Wynwood Walls  is a stunning block-long stretch of windowless warehouses turned massive canvases for some of the biggest street artists in the world, including OSGEMEOS and Kenny Scharf. A short hop south lies Emerson Dorsch , specializing in up-and-coming artists, many never before seen in Miami. To the north is the Rubell Family Collection , with works from the likes of Basquiat, Haring, Koons, and Warhol housed in a 45,000-square-foot former DEA storage facility.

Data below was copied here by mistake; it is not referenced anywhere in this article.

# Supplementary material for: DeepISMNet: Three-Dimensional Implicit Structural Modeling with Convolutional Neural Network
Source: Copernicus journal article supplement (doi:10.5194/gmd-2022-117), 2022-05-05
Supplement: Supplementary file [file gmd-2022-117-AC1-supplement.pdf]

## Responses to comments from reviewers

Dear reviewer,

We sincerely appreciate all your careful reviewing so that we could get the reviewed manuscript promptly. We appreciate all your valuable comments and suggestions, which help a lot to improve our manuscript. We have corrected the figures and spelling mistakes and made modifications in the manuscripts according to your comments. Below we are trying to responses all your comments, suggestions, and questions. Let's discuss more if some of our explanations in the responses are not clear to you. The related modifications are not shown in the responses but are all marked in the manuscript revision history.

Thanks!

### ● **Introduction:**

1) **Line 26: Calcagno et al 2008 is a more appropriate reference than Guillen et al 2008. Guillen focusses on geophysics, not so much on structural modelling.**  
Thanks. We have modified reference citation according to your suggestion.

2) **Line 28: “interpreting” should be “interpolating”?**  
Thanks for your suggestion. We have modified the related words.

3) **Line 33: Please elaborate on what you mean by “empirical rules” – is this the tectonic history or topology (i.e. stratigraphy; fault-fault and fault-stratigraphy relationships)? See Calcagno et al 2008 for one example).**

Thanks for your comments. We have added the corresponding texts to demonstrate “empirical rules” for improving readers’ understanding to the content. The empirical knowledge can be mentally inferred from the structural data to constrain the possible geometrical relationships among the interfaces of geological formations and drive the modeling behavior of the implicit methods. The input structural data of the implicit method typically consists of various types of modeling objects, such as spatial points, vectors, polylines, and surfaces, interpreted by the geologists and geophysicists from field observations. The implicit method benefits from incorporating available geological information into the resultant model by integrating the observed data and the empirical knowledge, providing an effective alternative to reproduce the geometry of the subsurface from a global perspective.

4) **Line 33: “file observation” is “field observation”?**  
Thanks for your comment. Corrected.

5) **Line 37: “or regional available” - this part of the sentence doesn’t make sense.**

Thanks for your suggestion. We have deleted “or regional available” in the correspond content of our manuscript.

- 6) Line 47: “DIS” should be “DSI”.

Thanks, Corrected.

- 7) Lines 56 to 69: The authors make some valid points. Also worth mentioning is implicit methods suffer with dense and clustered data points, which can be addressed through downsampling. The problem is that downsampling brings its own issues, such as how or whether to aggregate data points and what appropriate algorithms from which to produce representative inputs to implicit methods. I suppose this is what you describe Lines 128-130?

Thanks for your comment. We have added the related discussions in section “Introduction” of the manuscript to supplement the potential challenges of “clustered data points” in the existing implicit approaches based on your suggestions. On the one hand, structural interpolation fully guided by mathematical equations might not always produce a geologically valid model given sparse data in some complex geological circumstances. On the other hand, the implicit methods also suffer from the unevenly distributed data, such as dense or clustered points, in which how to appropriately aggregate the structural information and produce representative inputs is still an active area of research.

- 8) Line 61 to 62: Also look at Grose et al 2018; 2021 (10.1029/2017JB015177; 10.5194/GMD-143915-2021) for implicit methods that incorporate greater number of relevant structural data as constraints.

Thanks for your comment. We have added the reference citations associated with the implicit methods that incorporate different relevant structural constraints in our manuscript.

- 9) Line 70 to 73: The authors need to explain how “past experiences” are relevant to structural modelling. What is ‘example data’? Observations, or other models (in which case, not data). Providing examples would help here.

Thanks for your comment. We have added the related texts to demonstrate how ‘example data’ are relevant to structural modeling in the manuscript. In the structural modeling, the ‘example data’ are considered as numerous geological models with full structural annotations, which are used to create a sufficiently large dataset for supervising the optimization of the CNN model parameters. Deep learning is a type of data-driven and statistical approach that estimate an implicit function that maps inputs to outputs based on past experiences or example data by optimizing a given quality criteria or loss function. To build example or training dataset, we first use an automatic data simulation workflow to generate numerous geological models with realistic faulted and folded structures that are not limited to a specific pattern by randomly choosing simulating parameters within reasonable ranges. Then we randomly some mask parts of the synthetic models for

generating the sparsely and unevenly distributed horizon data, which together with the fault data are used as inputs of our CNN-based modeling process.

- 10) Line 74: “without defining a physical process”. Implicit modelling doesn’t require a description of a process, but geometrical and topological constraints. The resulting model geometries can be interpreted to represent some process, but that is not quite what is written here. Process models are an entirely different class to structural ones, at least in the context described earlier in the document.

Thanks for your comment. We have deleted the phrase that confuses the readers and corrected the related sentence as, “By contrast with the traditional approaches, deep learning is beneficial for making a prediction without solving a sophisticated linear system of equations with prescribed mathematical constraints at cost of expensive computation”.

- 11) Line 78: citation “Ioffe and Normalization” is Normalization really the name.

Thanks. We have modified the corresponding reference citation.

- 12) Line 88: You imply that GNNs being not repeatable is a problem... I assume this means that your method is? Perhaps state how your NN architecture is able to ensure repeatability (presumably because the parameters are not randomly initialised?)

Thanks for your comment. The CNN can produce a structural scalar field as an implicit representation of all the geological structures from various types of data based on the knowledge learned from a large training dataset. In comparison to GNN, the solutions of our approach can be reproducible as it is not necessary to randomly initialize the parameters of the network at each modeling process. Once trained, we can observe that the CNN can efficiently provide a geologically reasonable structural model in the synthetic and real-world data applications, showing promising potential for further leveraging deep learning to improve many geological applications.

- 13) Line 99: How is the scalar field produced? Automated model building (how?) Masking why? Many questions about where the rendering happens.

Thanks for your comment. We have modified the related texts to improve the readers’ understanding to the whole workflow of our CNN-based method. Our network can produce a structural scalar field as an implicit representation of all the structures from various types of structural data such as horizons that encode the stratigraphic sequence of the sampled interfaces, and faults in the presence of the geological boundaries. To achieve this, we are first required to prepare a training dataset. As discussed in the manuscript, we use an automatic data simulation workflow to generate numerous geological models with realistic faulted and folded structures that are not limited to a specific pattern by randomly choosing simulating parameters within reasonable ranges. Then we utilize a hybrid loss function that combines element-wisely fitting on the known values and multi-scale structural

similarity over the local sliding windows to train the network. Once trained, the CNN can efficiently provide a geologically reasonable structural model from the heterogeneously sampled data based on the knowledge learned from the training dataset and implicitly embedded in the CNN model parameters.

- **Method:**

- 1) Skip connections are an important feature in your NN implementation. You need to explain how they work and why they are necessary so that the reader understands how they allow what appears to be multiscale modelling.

A preferred stomping ground for established creatives and Central Saint Martins art students alike, Hackney has made waves as one of the most happening neighborhoods in London. The booming scene around Broadway Market, a bustling street flanked by London Fields and Regent’s Canal, is the area’s white-hot epicenter. The open-air market for which it’s named dates back to the 1800s, but a wealth of chic new shops, gourmet restaurants, and modern pubs abound. “Broadway Market has managed to preserve its London charm,” says Lee Broom, an internationally acclaimed furniture designer. “There’s a really good pie-and-mash shop called F. Cooke‘s , which has been owned by the same family since 1900—it actually turns into a gin palace at night, so it keeps a sense of heritage but makes it cool and contemporary.”